Amid all the recent outcries over fake news and the stacking of brand ads next to extremists’ videos, Facebook and YouTube have been scrambling to clean up their various messes. Their recent initiatives seem to be good-faith responses to address a set of significant problems that, because of the companies’ sheer size and reach, have serious impacts on our broader culture too.
But it’s important to remember these messes are directly related to what makes these organizations so incredibly successful. Their core structural incentives, and those of many of their competitors, are built on hacking our brains, encouraging user behavior that builds their bottom lines through our repeated visits. And because of that, actually fixing the problems will be difficult without stronger actions either by the companies or ourselves. We may need to get serious about protecting ourselves from, well, ourselves.
In a near-endless manifesto published in February, Facebook’s Mark Zuckerberg wrote that, “In times like these, the most important thing we at Facebook can do is develop the social infrastructure to give people the power to build a global community that works for all of us.”
It’s a sentiment that’s both welcome, way late and wildly inadequate, given the string of controversies that both companies have created even as they pursued their prime directive: getting people more wired into using their services more often. People who don’t haunt neuroscience labs or coding academies are only now beginning to understand how that works, but awareness is growing.
Even mainstream media outlets such as “60 minutes,” as staid and mainstream an outlet as is imaginable, have joined the conversation. On last Sunday’s show, one piece spotlighted former Google product manager Tristan Harris and others talking about how online companies purposely hack our brains, reinforcing and rewarding addictive behaviors to encourage more frequent use of their products.
“Look, never before in history have a handful of people at a handful of technology companies shaped how a billion people think and feel every day with the choices they make about these screens,” Harris told Anderson Cooper.
Harris is only one of many suggesting ways to be more selective and insulated from the insistent charms of our smartphones and social-media sites. Others include Arianna Huffington, now heading a better-living site called Thrive Global, which has an initiative called “Time Well Spent.” Even the French government is chiming in with legislation banning companies from reaching electronically into their employees’ lives after a certain time of night.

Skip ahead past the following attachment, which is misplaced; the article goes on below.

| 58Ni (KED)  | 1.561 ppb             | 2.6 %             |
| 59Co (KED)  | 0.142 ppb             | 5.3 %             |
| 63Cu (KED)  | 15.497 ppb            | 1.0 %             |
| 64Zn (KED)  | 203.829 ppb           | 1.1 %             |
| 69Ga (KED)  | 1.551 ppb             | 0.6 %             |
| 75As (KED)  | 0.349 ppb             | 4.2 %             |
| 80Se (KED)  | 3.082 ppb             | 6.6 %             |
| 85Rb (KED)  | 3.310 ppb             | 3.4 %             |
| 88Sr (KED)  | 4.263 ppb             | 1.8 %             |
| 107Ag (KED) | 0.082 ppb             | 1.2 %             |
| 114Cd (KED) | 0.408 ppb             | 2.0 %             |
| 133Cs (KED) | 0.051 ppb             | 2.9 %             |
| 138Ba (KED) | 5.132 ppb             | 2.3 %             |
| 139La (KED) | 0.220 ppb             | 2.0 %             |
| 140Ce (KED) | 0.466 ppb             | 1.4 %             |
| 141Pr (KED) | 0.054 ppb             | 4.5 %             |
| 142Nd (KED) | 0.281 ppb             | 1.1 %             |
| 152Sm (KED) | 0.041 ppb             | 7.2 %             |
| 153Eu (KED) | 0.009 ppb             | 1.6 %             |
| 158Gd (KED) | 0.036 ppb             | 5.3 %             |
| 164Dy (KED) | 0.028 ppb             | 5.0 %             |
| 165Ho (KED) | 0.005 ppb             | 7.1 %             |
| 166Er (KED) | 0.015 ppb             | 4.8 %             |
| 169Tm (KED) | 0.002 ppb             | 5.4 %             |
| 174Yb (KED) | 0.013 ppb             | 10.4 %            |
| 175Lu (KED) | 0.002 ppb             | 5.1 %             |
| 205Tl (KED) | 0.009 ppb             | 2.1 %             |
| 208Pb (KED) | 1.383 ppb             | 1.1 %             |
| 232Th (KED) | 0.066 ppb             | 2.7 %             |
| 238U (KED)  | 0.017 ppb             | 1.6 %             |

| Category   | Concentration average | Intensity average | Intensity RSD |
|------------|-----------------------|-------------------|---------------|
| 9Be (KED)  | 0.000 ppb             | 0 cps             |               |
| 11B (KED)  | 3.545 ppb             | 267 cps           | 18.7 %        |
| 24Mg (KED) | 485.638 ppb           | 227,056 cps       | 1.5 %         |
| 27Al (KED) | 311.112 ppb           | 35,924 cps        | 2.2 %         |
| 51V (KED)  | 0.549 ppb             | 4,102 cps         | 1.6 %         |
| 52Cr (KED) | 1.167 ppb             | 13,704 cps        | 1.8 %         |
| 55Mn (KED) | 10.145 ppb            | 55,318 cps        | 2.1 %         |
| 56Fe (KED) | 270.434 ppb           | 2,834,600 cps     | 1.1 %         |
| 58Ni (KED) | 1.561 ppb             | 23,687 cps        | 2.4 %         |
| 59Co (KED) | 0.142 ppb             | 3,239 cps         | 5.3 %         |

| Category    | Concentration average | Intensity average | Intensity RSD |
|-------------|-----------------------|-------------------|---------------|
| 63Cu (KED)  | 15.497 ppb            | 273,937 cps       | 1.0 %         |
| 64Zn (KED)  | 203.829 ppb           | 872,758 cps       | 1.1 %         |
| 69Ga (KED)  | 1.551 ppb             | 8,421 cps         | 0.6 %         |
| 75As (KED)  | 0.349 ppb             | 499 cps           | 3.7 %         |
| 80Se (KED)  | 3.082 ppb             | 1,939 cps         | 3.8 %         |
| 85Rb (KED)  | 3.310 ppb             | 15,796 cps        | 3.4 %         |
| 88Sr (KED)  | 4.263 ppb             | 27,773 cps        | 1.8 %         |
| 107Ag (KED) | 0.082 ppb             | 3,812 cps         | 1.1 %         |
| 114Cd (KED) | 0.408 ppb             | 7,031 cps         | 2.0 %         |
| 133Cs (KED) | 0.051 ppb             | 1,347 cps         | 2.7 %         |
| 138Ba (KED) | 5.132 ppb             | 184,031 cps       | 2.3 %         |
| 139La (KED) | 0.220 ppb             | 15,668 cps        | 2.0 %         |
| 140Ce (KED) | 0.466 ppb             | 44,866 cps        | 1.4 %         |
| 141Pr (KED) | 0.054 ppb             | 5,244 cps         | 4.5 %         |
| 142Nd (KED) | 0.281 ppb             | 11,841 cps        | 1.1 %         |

Meanwhile, after the fake-news controversies and the bad-ad boycott of the past few months , the two digital giants have announced a series of responses, initiatives, programs and policies to clean everything up. A partial list of those programs includes:
- A $14 million fund to support research in news “integrity” and literacy, with contributions from Facebook, Mozilla, AppNexus, Betaworks, the Craig Newmark foundation and several others.
- The Facebook Journalism Project, which promises collaborative development of new journalistic “products,” story-telling formats and emerging business models. Facebook also promised a stronger emphasis on local news as well as support for hackathons, newsroom training, and efforts to improve news literacy. It also launched a fact-checking arrangement with respected third-party non-profits to flag and help dissipate Facebook hoaxes.
- A Google “Fact Check” site to flag potential fake-news sites and stories in search results. Fact checking is provided by sites such as Politifact.
- YouTube sites won’t be able to make money from ads until they get at least 10,000 views. It’s not a high bar, but keeps at least one group of dubious just-hatched “news” sites from making money right away.
Of course, the real problem facing Facebook, Google/YouTube and other social-media companies is that they have hired thousands of Very Smart People to help them build a playbook of “engagement” tactics, and then to knit those tactics into the core of their operations. The companies have very few incentives to unknit those tactics, while retaining plenty of reasons to keep you coming back many times a day for more of everything they provide.
While it’s important to bolster what’s left of the legitimate, professional news industry as much as we can, and to improve news literacy and fact-checking tools for everyday readers, I’m beginning to think we need more serious responses.
We need to block out times of day when our apps and notifications are turned off, when we’re not engaging in our smartphones and email. Harris makes several suggestions in his speeches about being more discriminating about how we set up alerts, notifications and all the other things that can drive us repeatedly to our phones, and to distraction.
Ultimately, we can’t count on companies configured to make billions from our weaknesses to come save us from ourselves. We have to be active participants in our own, and our culture’s, improved mental health, with a more mindful and engaged approach to how much technology we let into our lives and in what fashion.